When Sue Boh lmann's two-year-old son Sam woke from his nap, his left arm didn't move and his walk was "off." Sue brought him to the emergency room right away. A CT scan and several other tests later, Sue received news no mom wants to hear—her son had suffered a stroke. "I didn't believe it," she says. "I told the doctors it wasn't possible, but unfortunately it was."
Sam was diagnosed with Moyamoya disease—a rare disorder that usually affects children. It's caused by blocked arteries at the base of the brain. Sam's initial treatment included brain surgeries to promote blood vessel activity. But after his fourth and final stroke, Sam lost his ability to speak, walk and swallow and he needed a feeding tube. "He couldn't sit up so he had to be put in a baby walker. It was devastating," says Sue.
Six months later, tests showed that the surgeries were successful and blood was flowing properly to Sam's brain, news that allowed Sue and her family to focus on the physical impairments the strokes left behind.
Sam began working with Shelley Payne, a Certified Therapeutic Recreation Specialist (CTRS) and Augusta Health's Recreation Therapy Supervisor, and her team of specialists. This rehabilitation team focuses on improving Sam's physical functioning while providing strength and support for him and his family. "It's a sudden, new way of life for patients and their families and we're here to help them come to terms with it all," says Payne.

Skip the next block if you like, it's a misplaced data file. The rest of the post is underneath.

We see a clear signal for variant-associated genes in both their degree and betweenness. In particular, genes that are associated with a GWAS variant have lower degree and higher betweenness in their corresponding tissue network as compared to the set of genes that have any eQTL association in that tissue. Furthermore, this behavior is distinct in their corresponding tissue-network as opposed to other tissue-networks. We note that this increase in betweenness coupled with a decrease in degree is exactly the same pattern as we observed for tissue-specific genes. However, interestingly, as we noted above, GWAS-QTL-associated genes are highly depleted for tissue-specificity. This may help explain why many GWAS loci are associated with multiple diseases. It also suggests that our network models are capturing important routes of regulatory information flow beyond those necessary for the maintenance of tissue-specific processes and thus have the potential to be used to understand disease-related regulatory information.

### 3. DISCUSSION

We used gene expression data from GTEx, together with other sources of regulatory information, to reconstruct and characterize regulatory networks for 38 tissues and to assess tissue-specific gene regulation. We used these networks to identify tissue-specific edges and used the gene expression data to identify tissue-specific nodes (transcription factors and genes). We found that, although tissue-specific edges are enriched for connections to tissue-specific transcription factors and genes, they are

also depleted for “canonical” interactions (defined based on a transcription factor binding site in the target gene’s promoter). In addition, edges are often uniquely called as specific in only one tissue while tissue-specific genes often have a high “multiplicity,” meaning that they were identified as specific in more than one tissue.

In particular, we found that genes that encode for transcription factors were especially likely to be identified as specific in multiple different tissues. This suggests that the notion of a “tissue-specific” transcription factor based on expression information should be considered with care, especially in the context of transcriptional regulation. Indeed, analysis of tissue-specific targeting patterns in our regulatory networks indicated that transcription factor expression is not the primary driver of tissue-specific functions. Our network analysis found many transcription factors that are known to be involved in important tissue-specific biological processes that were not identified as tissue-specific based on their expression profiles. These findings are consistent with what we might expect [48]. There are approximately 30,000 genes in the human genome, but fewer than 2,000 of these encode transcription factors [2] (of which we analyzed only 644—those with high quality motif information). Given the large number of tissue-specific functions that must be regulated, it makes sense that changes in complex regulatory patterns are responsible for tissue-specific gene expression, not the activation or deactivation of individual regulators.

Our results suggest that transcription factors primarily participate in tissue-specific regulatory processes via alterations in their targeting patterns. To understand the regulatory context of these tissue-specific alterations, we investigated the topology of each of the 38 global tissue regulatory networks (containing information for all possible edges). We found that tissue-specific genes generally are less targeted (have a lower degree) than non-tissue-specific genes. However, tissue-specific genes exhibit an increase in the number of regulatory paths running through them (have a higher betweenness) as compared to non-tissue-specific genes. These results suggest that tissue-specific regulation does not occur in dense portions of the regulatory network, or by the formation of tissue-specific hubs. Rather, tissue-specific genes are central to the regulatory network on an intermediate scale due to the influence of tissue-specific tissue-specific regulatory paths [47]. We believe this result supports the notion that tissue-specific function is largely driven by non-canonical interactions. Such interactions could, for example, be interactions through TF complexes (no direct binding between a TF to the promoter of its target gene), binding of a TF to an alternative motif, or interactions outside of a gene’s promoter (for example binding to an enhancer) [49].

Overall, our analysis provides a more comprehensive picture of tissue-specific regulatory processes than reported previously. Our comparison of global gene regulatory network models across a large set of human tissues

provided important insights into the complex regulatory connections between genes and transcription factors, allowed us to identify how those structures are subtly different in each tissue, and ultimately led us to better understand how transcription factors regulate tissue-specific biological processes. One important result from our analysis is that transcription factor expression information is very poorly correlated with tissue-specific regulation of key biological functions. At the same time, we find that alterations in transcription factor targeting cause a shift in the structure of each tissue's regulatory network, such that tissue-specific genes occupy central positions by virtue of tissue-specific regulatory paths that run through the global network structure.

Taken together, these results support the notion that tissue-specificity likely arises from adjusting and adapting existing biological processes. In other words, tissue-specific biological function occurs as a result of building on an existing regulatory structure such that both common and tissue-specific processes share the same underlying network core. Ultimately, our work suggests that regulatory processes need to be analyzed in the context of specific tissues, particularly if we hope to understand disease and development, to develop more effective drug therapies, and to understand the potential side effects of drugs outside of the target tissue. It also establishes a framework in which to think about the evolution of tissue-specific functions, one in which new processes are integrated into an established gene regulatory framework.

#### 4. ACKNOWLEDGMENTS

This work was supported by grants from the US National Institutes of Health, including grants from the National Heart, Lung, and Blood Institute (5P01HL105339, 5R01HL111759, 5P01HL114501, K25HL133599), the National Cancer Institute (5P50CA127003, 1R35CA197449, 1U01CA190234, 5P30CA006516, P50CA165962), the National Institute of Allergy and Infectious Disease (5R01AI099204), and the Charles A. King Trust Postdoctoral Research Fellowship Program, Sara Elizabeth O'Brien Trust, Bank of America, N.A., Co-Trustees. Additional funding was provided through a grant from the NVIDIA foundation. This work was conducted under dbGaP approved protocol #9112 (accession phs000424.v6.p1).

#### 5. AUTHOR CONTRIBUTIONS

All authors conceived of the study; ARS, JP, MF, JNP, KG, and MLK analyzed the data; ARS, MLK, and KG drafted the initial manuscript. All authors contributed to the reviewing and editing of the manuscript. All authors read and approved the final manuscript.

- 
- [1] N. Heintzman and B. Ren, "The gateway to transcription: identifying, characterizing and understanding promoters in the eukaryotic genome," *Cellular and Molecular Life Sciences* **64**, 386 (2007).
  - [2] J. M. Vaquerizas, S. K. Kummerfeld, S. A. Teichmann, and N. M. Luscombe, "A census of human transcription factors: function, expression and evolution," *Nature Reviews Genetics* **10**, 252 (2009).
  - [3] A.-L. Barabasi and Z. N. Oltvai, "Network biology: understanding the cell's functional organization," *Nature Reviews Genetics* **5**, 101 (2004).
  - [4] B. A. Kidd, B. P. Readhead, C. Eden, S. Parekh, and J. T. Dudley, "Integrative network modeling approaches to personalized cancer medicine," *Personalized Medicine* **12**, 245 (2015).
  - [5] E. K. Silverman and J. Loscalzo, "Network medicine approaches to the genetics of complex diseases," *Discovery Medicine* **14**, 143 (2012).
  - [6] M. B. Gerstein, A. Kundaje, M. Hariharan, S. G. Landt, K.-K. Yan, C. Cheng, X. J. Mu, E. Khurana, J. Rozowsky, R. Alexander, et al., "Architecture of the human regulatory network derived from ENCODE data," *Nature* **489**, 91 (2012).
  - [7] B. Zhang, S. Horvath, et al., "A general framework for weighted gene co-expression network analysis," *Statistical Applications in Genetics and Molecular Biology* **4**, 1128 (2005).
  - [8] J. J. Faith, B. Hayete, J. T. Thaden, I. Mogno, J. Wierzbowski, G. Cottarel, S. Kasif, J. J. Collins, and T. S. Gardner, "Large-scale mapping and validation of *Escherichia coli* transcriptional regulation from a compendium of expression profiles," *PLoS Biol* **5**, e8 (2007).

Sam, now 12 years old, visits Augusta Health four times a week for speech, occupational and physical therapies. "Augusta provides us with everything we need, so Sam can get all of his therapies in one place," says Sue. "The rehab staff is amazing. Doing all of this rehab could be tedious for a 12-year-old boy, but the staff is so dedicated to keeping Sam motivated. They focus on what he needs to work on. Sam's whole life is incorporated, whether it's something a teacher at school suggests or his baseball coaches point out."
The care and treatment Sam receives at Augusta Health and the hard work he and his family have done have reaped great benefits. Sam walks, runs, plays baseball in a special needs baseball league and loves to be outdoors. And he's learned to use a talking device to communicate. "It's opened up a whole new world," says Sue.